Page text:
Fangirl Moment: Banana Fish

TGIF! Here we are again with another Fangirl Friday! This week I’m reviewing a genre fluid manga…technically it’s a shojo manga, but you wouldn’t think it to read it. This manga has everything, gang battles, political deals, mysterious drugs, romance (?), drama, angst, tragedy, and to tie it all up, subtle (like really subtle) BL undertones. The manga I’m about to cover is my favorite series of all time. No matter how much time passes, and no matter how many manga I read, nothing has even come close to it! The series is licensed in English by Viz, but it is currently out of print! I have searched conventions, old book stores and online…and I still don’t have the whole series yet….soon though!

Banana Fish, a 19 volume classic manga series by Akimi Yoshida, was released between 1985 and 1994. The series was immensely popular in Japan, spawning three spin-off stories: Private Opinion, Angel Eyes, and The Garden with Holy Light. The musician, Gackt loved this manga so much that he wrote a song about it entitled Asrun (Aslan) Dream (it’s really good too)! This manga really took me by surprise, the artwork while rough at first really grew on me, and the plot…wow…this is not your typical shojo manga, it transcends genre labels! While this post will be Safe for Work, I do need to clarify that this manga does have some content that may not be suitable for some readers. However, none of said content takes away from the plot in any way, in fact it only enhances it!

Trigger warnings: child prostitution, rape/forced sexual situations, coarse language, death


I can’t for the life of me remember how I found out about this series, all I know for sure is that this series has left a lasting impression on me. I have never been so moved by a manga series in my life (up to this point), I bawled for days after finishing this series…DAYS! I still can’t read the end of this manga, it brings back so many emotions, I just can’t deal with them all!

Nature made Ash Lynx beautiful; nurture made him a cold ruthless killer. A runaway brought up as the adopted heir and sex toy of “Papa” Dino Golzine, Ash, now at the rebellious age of seventeen, forsakes the kingdom held out by the devil who raised him. But the hideous secret that drove Ash’s older brother mad in Vietnam has suddenly fallen into Papa’s insatiably ambitious hands–and it’s exactly the wrong time for Eiji Okamura, a pure-hearted young photographer from Japan, to make Ash Lynx’s acquaintance…

-Viz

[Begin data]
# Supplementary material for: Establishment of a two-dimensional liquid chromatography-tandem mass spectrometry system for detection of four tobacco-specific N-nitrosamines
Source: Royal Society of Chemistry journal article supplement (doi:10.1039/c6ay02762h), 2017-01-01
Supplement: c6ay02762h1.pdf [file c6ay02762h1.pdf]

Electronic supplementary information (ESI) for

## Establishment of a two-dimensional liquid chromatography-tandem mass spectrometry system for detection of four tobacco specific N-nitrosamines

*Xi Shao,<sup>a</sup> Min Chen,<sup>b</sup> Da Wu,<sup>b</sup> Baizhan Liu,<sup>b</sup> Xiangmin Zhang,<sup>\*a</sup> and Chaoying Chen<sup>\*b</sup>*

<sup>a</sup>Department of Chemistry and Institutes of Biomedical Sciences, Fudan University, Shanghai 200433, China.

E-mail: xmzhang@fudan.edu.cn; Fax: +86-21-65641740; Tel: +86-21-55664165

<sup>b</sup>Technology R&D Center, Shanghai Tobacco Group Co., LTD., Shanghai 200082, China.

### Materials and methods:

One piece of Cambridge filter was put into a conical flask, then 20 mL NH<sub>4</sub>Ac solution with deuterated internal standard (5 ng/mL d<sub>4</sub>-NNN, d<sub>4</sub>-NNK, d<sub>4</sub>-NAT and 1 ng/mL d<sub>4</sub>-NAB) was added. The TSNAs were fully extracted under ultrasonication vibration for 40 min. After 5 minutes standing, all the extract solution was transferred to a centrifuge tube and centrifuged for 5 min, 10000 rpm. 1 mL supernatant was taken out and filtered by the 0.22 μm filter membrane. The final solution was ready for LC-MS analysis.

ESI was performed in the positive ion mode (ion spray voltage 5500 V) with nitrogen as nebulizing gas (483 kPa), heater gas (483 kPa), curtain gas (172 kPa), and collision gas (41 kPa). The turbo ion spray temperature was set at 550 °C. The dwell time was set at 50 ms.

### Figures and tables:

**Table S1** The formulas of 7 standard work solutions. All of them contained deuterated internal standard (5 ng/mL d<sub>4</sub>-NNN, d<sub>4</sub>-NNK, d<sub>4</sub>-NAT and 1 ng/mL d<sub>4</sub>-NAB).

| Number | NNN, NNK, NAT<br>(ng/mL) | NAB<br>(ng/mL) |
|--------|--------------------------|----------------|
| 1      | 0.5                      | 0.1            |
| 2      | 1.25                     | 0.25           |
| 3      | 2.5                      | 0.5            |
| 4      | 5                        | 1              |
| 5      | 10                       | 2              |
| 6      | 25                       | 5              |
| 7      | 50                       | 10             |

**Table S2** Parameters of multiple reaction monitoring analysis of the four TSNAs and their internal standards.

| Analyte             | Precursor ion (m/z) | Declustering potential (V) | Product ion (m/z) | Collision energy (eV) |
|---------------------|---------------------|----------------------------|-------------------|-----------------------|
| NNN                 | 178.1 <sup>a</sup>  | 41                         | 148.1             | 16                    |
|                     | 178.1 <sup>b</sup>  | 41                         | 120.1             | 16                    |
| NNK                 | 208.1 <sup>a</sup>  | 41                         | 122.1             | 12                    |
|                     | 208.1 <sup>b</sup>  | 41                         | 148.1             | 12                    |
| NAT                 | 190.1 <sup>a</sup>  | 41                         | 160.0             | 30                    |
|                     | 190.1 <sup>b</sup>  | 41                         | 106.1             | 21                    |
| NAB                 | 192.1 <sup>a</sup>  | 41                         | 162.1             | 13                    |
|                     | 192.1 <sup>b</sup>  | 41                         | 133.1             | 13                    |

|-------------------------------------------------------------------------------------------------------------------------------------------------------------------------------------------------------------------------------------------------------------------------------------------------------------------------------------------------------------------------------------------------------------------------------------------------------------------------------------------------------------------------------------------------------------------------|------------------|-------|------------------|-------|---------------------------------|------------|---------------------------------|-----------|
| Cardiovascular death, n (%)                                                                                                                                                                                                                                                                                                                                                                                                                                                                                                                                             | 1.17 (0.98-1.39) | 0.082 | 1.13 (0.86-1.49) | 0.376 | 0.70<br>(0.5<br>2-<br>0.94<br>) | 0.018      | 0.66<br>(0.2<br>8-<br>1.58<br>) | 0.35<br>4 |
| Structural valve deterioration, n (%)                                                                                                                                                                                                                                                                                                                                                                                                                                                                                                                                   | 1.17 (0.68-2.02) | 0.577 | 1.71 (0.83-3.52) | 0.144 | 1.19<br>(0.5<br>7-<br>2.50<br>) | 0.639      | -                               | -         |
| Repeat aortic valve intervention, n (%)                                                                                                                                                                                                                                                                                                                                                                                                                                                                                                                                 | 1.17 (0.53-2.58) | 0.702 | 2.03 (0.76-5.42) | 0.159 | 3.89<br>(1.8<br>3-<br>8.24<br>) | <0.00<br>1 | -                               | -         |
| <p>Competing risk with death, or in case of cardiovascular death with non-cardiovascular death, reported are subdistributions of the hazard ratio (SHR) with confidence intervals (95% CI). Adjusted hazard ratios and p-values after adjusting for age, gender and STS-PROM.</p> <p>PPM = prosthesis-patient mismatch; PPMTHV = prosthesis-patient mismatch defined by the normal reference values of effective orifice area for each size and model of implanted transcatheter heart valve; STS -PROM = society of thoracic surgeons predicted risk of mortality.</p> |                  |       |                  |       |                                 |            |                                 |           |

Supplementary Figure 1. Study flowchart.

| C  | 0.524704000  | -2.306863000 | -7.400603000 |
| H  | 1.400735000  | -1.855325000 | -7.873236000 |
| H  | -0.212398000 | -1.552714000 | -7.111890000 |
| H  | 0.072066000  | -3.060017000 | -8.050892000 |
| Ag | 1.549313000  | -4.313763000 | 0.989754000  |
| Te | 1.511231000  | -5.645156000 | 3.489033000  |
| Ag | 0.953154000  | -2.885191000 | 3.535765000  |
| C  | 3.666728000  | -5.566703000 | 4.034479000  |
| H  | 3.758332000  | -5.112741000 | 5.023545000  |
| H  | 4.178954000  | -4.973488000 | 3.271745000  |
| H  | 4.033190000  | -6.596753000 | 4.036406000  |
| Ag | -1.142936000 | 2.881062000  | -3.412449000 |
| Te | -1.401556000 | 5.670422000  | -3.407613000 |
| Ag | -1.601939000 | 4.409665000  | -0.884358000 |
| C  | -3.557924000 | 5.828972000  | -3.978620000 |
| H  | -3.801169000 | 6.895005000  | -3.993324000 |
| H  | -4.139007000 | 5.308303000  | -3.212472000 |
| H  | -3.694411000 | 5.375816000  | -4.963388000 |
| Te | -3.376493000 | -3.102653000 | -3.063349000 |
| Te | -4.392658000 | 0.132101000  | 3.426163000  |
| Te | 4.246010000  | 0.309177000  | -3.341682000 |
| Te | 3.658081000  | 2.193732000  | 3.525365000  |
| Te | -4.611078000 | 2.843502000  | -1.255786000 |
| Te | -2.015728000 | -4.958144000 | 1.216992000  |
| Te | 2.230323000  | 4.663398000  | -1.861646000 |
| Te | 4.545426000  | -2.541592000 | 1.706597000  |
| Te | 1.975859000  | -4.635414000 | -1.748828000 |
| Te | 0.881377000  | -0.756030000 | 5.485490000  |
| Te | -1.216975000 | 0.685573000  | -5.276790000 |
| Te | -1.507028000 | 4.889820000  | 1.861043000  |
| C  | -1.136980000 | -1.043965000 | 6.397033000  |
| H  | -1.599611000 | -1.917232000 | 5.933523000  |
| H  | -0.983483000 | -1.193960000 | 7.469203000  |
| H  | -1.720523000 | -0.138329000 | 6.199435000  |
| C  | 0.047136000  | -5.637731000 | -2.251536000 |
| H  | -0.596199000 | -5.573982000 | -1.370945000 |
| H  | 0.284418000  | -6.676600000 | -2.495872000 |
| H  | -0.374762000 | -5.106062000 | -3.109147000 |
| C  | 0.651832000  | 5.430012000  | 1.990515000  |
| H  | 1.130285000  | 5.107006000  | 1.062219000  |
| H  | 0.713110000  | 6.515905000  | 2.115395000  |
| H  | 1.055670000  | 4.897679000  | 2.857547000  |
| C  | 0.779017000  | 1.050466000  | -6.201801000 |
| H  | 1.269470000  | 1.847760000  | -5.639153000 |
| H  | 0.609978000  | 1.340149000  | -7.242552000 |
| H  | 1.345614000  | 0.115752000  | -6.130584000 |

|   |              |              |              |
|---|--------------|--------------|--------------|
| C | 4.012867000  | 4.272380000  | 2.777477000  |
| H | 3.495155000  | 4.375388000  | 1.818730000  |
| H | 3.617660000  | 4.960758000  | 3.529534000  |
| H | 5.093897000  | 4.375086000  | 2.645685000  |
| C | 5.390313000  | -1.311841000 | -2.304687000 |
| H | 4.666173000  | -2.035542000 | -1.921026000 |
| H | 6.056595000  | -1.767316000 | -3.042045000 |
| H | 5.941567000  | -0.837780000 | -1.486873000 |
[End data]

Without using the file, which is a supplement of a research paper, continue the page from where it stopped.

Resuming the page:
Aslan is a  young and powerful gang leader from New York, and Eiji is a naive photographer from Japan. Chance brought their vastly different worlds together, but it’s fate that leads them down a path neither would have ever expected. The relationship between these boys only lasts for a short time, but in that time they build something that transcends reason or explanation. They strike up an instant friendship, each seeing something they lack in the other. The lines of friendship blur as both boys rely on one another as they discover an inner strength they never knew they possessed. Is it love? Is it friendship? Who knows…who cares? What Eiji and Aslan have is beyond common terms. The romance between the two leads is only hinted at, it isn’t the focus of the narrative. Instead it’s the characters that drive the story.

Ash, hardened by his experiences, is on the verge of becoming the very thing he fears, a heartless monster. He fights to stay true to himself as past and present collide, with disastrous results. He lacks balance, as his inner demons and external forces keep him on the offense. But, he isn’t a mindless brute, Aslan possesses brains far beyond his years and light years beyond the current time. He doesn’t fit the typical image of an up and coming crime boss, there is a beauty to this beast. He kind of reminds me of Dorian Grey in that, despite his outward appearance there is darkness that resides within him. Damaged doesn’t begin to describe Aslan, when Eiji meets him, he is almost beyond help. Seasoned by his past, he uses his unique abilities to get ahead in a world where one misstep can lead to death. In fact, Aslan is ready for death, he expects it, live fast die young is the mantra on which he has based his entire life. But, there is a nobleness to him, standards which retains even as his hands become soaked with the blood of his enemies.

Almost as if to serve as Aslan’s foil, Eiji possesses everything good and innocent in the world. Eiji is like the beacon of hope after Aslan’s long dark jorney. He finds himself drawn to Eiji like a moth to a flame, which confuses those around them. Eiji’s presence brings little light back into Aslan’s life, his very existence reminds him that there is still good in the world. Eiji, signifies the future for Aslan, giving him hope for a life outside of the criminal underworld. He convinces him that there is a calm after the storm. Eiji grows immensely through his friendship with Aslan and his experiences in New York. He gets pulled into the dark underbelly of humanity, but he never loses hope. He loses his naivete, but he never loses sight of his sense of self. Even as time passes and he puts that chapter of his life behind him, he never forgets.